We are not testing. How much do we employ it? Should an Aston Martin be autonomous? We have to design and innovate for a future we’re not quite sure of. We’ll be a fast adopter, but we're not going to innovate in that way. Our innovation is in car control and driver control in terms of feeling and feedback. It’s about making sports car more effective, efficient, capable, comfortable. We’ll be a fast follower with something like an autonomous car, something that has 360 adaptive radar. The core of what we are is to make handbuilt luxury sports cars that are highly competitive. You don’t necessarily want a sports car to be autonomous. It might someday be important, but right now it’s more about the language of design, the technology that’s there and with DB11, it’s a grand touring sports cars. It’s about the driver being alert and being relaxed and comfort on a longer journey. The more relaxed and comfortable you are the more you can enjoy the journey.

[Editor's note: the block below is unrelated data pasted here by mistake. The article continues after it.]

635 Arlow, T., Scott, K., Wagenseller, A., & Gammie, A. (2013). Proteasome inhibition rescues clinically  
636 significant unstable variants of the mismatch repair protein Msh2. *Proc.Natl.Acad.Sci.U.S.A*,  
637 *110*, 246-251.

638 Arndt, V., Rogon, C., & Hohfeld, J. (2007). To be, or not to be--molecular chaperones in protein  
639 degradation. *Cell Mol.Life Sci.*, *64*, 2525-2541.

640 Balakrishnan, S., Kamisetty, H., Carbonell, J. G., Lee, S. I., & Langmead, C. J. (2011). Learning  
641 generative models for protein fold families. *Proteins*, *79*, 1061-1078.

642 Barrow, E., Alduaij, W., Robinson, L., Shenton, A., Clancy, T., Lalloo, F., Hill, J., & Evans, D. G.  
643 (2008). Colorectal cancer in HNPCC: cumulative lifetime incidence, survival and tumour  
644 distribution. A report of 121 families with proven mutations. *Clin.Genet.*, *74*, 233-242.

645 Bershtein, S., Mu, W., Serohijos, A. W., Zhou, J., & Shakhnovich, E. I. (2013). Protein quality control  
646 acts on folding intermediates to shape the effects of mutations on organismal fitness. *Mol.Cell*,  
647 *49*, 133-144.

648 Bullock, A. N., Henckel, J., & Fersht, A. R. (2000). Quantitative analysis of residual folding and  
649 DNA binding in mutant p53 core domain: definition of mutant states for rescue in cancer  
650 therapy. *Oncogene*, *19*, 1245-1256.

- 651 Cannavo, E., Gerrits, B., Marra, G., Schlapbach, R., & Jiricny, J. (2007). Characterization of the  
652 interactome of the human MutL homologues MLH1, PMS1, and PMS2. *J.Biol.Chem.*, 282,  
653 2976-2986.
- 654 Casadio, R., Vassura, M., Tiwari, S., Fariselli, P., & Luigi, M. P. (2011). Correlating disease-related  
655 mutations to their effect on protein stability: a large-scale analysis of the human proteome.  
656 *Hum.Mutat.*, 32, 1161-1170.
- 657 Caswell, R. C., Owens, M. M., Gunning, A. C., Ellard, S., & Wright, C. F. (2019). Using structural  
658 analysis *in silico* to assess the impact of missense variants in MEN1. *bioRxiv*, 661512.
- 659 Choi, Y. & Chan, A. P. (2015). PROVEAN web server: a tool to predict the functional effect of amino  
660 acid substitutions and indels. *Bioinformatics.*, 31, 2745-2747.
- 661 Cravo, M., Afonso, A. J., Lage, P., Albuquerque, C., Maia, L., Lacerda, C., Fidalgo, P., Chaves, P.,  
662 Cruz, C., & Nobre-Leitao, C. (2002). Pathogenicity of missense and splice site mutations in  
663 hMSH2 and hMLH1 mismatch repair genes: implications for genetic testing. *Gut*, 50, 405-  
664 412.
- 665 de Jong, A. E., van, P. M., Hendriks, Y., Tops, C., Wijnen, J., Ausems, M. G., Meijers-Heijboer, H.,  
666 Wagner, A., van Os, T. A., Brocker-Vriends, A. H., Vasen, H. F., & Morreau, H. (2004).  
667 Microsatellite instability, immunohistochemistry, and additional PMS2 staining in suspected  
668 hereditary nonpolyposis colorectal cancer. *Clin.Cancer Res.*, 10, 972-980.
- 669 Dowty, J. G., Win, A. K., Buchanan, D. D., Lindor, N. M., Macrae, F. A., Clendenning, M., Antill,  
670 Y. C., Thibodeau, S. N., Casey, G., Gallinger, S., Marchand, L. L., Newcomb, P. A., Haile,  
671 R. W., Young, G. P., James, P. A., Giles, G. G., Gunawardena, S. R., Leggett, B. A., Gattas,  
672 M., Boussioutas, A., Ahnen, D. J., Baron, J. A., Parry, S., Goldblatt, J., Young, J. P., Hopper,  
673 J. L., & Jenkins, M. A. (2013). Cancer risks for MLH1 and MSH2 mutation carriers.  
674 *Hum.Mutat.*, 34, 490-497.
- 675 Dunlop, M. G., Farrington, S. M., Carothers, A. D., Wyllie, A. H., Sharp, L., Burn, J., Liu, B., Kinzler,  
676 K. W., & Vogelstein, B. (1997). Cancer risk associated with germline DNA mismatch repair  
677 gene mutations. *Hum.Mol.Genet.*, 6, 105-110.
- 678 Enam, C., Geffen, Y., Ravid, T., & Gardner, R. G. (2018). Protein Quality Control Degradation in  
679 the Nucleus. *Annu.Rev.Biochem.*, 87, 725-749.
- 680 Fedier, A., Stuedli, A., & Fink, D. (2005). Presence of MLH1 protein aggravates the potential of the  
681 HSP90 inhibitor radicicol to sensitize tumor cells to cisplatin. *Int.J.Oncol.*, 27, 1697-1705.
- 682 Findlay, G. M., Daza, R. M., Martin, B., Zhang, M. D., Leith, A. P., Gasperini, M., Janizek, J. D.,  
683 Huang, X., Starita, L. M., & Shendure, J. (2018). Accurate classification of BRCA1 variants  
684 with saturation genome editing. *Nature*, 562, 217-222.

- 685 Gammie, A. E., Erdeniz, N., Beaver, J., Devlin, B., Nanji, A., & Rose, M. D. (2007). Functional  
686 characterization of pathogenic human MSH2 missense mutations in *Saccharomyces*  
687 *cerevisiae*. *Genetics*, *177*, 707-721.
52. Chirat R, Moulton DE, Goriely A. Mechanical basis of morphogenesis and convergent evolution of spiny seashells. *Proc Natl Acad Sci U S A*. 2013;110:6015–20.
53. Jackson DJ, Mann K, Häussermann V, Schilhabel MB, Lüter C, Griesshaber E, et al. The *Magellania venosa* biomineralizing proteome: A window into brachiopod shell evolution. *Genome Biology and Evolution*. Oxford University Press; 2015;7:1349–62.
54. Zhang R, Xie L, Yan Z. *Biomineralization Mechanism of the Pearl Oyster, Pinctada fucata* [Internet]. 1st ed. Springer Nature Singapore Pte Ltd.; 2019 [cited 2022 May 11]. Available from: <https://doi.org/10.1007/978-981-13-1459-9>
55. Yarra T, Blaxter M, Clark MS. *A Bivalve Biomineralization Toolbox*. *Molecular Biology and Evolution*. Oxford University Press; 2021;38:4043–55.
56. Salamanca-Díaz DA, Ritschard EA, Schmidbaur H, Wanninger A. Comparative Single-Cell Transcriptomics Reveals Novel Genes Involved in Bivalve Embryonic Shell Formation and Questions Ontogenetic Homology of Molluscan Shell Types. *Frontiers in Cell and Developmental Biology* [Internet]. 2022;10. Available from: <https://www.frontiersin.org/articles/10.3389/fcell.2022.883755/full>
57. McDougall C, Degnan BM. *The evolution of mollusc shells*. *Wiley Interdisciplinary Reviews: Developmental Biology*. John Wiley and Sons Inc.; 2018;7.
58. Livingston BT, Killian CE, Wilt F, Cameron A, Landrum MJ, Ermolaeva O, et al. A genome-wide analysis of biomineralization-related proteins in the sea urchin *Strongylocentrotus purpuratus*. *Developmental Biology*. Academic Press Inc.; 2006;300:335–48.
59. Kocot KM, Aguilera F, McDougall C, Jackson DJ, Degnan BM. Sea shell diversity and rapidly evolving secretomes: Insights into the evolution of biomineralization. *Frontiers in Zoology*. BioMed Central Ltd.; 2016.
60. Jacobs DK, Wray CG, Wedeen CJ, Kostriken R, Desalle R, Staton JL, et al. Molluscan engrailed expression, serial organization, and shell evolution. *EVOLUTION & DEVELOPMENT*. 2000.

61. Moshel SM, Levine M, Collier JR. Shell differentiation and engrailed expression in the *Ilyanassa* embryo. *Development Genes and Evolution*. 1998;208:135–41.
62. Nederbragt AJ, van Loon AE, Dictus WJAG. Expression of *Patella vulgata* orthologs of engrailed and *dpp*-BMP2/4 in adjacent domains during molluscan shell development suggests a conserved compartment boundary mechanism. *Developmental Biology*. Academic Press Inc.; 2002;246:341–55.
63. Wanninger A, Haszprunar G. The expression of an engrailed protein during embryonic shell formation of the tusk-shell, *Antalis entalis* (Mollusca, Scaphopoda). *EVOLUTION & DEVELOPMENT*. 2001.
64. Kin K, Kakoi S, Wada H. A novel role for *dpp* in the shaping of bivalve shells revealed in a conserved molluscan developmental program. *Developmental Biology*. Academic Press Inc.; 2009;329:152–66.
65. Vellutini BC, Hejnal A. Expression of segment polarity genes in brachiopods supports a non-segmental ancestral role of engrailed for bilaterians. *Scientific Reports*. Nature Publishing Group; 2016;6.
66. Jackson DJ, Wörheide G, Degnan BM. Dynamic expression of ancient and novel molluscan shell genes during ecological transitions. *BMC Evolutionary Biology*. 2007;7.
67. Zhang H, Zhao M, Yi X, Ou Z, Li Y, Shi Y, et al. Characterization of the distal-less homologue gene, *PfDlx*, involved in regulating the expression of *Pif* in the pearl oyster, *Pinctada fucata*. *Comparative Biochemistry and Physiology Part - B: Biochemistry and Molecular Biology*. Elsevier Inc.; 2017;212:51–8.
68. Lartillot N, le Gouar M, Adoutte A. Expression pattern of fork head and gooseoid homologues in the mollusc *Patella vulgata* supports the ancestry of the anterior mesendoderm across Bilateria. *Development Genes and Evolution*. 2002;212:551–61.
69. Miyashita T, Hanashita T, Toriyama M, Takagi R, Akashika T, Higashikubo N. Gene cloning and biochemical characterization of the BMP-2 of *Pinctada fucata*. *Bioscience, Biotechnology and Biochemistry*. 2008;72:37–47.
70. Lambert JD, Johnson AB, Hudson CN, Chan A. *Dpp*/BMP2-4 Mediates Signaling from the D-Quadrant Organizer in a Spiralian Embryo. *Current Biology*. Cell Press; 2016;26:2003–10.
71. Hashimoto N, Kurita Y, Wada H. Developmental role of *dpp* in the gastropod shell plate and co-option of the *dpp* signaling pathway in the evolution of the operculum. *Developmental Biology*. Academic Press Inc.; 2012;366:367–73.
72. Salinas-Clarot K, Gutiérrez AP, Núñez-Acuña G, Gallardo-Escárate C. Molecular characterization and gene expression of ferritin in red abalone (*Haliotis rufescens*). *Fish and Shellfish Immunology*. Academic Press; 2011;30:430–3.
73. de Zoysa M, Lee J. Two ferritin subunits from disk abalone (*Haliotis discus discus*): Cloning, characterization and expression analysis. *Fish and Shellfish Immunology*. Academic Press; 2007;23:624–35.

Photography by Julia LaPalme for The Verge